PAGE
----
With a WTO deadlocked over the TRIPS waiver issue, France and the EU make a renewed effort to break the stalemate

France and the EU are actively engaged in a push to break the impasse over the stalled WTO TRIPS waiver negotiations. They hope the upcoming EU-Africa Summit, scheduled to take place in Brussels on February 17 and 18, will bring new momentum to the discussions. Diplomatic sources tell The Geneva Observer that the response to the pandemic will be at the top of the Summit’s agenda—and will include the IP question. The hope is that an agreement might finally be reached on the patents for medicines, vaccines, diagnostics, and other products in the fight against COVID-19. “At this point, it is too early to talk about an agreement between the EU and Africa,” according to a knowledgeable source, but “a whole range of pragmatic options are being discussed.”

Progress in Brussels during the summit would not, however, end the debate about the TRIPS waiver proposal. Now supported by more than 63 other countries, India and South Africa (the two initial proponents of the IP exemptions still on the table at the WTO) are privately expressing their concerns that the European initiative (spearheaded by France) would undermine their original proposal, and thereby complicate the already fraught negotiations.

Last week, leaving no doubts about the EU’s determination to move ahead, French President Emmanuel Macron offered some clues as to what might be included in the new package. Speaking before the European Parliament, he said: “Firstly, you have to transfer the technology and create the capacity,” adding the caveat that, “by no means, however, would this be a proposal to scrap IP rights.” How, then, would this differ from the June 2021 European proposal that failed to convince African countries—which remains, after the joint Indian-South African proposition, the only official paper on the subject discussed at the WTO? Sources close to the discussions say that the recourse to IP compulsory licenses would be facilitated and broadened. Compulsory licenses are permitted under the WTO TRIPS provisions and can be granted by governments to allow alternative production or importation of a generic version of a patented medical product, without the prior consent of the patent holder.

WTO Director-General Ngozi Okonjo-Iweala had hoped for an agreement late last year, but the trade ministerial conference was postponed because of the omicron variant. The vacuum left by the WTO gave the Europeans space to propose a global licensing mechanism, removing barriers to allow technology transfer to Africans and the creation of production hubs on the continent. Their proposal would allow individualized licensing of patents, without a blanket waiver.

The upcoming EU-Africa Brussels summit—which was canceled in 2020 due to the pandemic—comes against the backdrop of growing frustration from African countries that insist that the continuing disparity in access to vaccines is having consequences that go far beyond health and is deepening the continent's isolation. A package such as the one pushed by the EU, which includes health-related development aid, would help to strengthen a promising health tech sector on the continent.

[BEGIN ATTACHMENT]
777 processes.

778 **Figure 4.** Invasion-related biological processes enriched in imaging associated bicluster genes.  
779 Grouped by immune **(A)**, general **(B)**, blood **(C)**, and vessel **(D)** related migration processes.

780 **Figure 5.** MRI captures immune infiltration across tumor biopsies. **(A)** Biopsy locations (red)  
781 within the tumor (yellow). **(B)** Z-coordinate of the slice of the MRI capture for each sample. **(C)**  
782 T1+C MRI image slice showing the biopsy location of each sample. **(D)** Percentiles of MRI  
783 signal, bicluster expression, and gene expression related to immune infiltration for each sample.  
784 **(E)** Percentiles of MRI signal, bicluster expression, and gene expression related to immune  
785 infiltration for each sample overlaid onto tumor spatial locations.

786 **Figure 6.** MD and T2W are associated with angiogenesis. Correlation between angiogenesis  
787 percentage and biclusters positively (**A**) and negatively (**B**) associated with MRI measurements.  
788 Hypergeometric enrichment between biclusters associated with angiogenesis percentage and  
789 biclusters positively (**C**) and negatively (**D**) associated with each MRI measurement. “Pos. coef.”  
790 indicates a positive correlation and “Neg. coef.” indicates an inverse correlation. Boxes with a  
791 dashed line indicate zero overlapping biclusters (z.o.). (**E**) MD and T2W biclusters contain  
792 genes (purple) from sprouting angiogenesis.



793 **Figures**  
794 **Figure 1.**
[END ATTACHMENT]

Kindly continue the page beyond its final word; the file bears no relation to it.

Questioned by The G|O, diplomats in Geneva were also quick to point out that a successful EU-African summit would undeniably offer interesting collateral political benefits to France and the EU. For Paris, the initiative coincides with the French presidency of the EU and with Macron's certain quest for a second presidential mandate. If successful, the outcome could increase the French president's visibility and reputation as an international actor.

More broadly, the initiative is seen as having the potential to reconfigure alliances at the WTO and WHO, with the EU reclaiming the initiative and China’s influence in Africa checked, a longstanding objective of the West and particularly of France. Beijing has been aggressively practicing its ‘vaccine diplomacy’ in Africa with a promise to deliver one billion doses of its Sinovac vaccine this year, 600 million of them for free. “China has already sent over two billion doses of vaccines to more than 120 countries and international organizations,” Chinese President Xi Jinping reminded his audience at the World Economic Forum via video link last week.

To put things into context, last week, the WHO reminded us that more than 80 countries around the world are still short of meeting the goal of having 40% of their populations protected. Thirty of them are below the 10% target. The EU’s initiative also comes at a time of growing outrage at pharmaceutical companies’ revenue forecasts from vaccine sales. Consultancy company Airfinity forecasts that the vaccine market is expected to reach $65.6B in 2021 and grow to $84.9B in 2022: a 29% growth. (This excludes the Chinese vaccines and market.)

The analysis predicts that the 2022 market will be dominated by mRNA vaccines. “Pfizer/BioNTech is expected to generate $42.7B and Moderna $25.7B. AstraZeneca is expected to be the third largest revenue generating vaccine with $4.3B, followed by J&J with $3.5B,” Airfinity estimates. “This would make the Pfizer/BioNTech and Moderna vaccines the two best-selling medical products in 2022.”